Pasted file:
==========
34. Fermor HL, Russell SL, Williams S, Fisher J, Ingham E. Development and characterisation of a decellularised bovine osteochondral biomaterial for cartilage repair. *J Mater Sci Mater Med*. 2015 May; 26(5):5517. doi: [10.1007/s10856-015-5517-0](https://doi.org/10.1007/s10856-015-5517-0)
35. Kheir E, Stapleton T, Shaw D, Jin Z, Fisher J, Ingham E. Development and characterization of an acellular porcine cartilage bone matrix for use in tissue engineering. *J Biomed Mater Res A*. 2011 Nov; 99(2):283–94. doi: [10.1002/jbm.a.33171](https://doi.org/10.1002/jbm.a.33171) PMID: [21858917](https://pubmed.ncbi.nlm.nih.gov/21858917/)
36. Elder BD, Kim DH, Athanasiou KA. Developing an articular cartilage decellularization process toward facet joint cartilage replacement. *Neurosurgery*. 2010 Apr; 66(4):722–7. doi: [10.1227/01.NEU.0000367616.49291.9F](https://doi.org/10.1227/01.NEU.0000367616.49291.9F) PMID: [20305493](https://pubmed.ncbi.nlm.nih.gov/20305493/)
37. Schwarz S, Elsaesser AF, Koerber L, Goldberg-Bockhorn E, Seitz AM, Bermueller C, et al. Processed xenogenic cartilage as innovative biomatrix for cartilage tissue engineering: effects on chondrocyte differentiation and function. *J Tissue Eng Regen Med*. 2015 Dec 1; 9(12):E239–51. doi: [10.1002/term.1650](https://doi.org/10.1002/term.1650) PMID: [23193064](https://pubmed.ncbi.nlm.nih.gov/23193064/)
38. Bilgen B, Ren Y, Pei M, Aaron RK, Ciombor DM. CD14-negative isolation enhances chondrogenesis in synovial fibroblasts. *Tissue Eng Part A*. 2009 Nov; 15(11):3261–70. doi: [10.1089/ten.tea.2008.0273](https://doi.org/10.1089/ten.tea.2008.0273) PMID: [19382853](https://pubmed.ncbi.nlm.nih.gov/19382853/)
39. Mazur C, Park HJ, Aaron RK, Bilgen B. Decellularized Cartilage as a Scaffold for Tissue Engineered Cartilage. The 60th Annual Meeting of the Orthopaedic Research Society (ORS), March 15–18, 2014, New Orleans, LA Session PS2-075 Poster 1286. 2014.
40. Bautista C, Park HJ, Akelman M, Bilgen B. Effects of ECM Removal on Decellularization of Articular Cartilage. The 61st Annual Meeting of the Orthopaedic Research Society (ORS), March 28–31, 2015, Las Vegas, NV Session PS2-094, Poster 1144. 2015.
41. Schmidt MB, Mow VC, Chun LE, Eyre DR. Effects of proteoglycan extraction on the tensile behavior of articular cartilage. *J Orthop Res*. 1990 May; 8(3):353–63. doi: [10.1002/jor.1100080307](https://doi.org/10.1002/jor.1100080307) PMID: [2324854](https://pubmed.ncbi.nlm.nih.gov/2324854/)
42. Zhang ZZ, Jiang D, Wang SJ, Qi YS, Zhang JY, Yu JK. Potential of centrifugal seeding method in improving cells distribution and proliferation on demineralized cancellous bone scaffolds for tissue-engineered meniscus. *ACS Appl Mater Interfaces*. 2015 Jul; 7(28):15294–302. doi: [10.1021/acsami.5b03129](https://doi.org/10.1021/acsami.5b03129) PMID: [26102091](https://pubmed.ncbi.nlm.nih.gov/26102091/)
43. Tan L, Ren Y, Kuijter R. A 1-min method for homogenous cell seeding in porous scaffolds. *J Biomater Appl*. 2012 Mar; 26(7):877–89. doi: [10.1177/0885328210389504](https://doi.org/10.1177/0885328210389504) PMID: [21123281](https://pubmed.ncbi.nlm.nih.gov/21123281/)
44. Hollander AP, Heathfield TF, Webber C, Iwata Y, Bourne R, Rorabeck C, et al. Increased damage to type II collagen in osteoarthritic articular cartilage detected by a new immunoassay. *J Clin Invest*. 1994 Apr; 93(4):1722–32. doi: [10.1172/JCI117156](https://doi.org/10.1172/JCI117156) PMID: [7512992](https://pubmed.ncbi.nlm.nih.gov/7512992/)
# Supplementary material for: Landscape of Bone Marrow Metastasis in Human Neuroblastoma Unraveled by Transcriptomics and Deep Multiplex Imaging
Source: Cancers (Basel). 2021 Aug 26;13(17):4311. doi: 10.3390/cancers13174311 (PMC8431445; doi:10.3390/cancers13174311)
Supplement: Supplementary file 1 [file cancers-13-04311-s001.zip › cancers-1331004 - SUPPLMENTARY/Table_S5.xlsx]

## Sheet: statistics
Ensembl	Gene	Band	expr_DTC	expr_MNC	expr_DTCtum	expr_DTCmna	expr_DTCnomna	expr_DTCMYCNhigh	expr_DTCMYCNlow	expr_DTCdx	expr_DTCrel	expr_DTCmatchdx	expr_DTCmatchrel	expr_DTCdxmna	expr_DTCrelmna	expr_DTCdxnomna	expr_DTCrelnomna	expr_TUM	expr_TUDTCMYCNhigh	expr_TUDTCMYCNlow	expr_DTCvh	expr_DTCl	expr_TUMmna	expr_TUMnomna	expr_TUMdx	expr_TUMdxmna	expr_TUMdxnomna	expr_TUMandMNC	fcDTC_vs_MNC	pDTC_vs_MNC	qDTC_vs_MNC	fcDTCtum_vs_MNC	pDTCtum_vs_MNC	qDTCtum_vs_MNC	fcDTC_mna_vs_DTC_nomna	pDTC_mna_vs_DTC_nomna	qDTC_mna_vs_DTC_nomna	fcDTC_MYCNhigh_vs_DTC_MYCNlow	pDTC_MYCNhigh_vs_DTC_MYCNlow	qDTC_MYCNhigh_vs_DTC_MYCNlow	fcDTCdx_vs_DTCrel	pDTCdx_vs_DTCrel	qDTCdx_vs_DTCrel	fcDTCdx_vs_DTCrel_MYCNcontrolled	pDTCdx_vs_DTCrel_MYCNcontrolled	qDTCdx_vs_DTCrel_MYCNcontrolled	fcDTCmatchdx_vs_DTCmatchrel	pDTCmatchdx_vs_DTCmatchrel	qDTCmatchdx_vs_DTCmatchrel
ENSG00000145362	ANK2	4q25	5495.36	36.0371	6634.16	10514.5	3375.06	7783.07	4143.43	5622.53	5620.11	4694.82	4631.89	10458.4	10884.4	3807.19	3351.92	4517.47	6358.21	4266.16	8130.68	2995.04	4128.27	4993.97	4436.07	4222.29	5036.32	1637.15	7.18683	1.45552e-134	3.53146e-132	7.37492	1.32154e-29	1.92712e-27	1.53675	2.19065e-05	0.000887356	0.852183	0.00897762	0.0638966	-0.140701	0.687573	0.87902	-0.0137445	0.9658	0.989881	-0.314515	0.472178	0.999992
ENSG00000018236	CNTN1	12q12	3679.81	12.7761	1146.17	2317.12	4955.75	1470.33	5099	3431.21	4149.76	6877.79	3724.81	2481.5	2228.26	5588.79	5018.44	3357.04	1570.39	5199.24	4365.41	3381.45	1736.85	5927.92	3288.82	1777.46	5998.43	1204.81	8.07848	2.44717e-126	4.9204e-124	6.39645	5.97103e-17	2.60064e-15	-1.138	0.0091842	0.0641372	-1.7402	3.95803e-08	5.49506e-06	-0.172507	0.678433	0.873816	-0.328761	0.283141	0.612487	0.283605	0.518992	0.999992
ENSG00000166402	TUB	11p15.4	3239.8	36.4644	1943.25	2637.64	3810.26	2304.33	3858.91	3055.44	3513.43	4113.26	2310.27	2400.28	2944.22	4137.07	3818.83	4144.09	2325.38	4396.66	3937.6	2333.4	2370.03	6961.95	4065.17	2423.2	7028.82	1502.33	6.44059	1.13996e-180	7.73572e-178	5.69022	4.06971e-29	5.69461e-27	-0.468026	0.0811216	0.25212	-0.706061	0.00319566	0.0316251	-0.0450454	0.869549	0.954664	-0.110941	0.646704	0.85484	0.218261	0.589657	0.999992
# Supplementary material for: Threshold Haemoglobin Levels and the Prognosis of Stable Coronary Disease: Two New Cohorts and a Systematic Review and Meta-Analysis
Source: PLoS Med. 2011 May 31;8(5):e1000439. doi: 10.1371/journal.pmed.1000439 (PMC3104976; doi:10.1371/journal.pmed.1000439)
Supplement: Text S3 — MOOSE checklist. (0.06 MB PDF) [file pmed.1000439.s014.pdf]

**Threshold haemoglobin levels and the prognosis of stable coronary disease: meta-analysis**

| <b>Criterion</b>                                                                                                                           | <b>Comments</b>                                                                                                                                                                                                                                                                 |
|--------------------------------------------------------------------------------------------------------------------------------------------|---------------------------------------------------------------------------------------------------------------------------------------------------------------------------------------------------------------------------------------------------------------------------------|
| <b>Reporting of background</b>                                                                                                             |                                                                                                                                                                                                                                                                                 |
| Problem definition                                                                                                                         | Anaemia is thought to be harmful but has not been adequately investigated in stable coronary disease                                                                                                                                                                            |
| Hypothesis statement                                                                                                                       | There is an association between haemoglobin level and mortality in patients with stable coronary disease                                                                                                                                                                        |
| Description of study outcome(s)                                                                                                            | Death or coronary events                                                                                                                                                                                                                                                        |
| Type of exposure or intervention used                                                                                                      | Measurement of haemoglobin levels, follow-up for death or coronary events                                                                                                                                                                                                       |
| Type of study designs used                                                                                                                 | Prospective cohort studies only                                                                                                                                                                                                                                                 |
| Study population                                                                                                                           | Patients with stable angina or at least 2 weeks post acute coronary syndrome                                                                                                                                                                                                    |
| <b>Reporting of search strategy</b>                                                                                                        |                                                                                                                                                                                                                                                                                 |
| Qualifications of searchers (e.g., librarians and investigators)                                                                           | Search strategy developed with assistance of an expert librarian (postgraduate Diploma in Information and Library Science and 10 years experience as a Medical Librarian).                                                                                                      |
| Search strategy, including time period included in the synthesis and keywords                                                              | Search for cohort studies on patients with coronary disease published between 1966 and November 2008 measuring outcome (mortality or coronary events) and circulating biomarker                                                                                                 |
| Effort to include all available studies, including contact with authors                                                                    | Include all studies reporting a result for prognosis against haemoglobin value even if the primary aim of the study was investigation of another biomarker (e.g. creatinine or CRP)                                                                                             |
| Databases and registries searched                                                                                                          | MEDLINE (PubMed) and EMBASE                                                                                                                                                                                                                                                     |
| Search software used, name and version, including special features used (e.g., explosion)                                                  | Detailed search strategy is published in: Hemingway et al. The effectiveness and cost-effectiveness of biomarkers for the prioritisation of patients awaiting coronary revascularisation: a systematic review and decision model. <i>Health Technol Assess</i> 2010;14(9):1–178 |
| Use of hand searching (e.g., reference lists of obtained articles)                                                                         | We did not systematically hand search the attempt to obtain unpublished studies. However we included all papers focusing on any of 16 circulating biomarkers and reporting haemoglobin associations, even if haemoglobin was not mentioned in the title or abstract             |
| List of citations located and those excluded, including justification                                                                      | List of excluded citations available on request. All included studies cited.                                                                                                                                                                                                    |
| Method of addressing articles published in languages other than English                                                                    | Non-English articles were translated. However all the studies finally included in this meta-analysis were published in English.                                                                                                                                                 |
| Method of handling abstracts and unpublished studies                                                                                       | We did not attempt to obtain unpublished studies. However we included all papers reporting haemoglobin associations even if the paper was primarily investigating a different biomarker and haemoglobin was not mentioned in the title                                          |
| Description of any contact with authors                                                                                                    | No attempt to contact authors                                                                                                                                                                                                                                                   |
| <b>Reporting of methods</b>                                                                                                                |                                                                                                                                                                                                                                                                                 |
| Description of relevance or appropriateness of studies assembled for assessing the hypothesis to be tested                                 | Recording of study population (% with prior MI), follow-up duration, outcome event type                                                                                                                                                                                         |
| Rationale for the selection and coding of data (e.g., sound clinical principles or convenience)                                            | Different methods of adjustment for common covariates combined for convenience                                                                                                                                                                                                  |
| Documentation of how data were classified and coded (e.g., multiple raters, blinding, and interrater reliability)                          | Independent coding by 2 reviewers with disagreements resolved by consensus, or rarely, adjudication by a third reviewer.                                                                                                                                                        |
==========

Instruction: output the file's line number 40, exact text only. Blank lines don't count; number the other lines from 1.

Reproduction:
| List of citations located and those excluded, including justification                                                                      | List of excluded citations available on request. All included studies cited.                                                                                                                                                                                                    |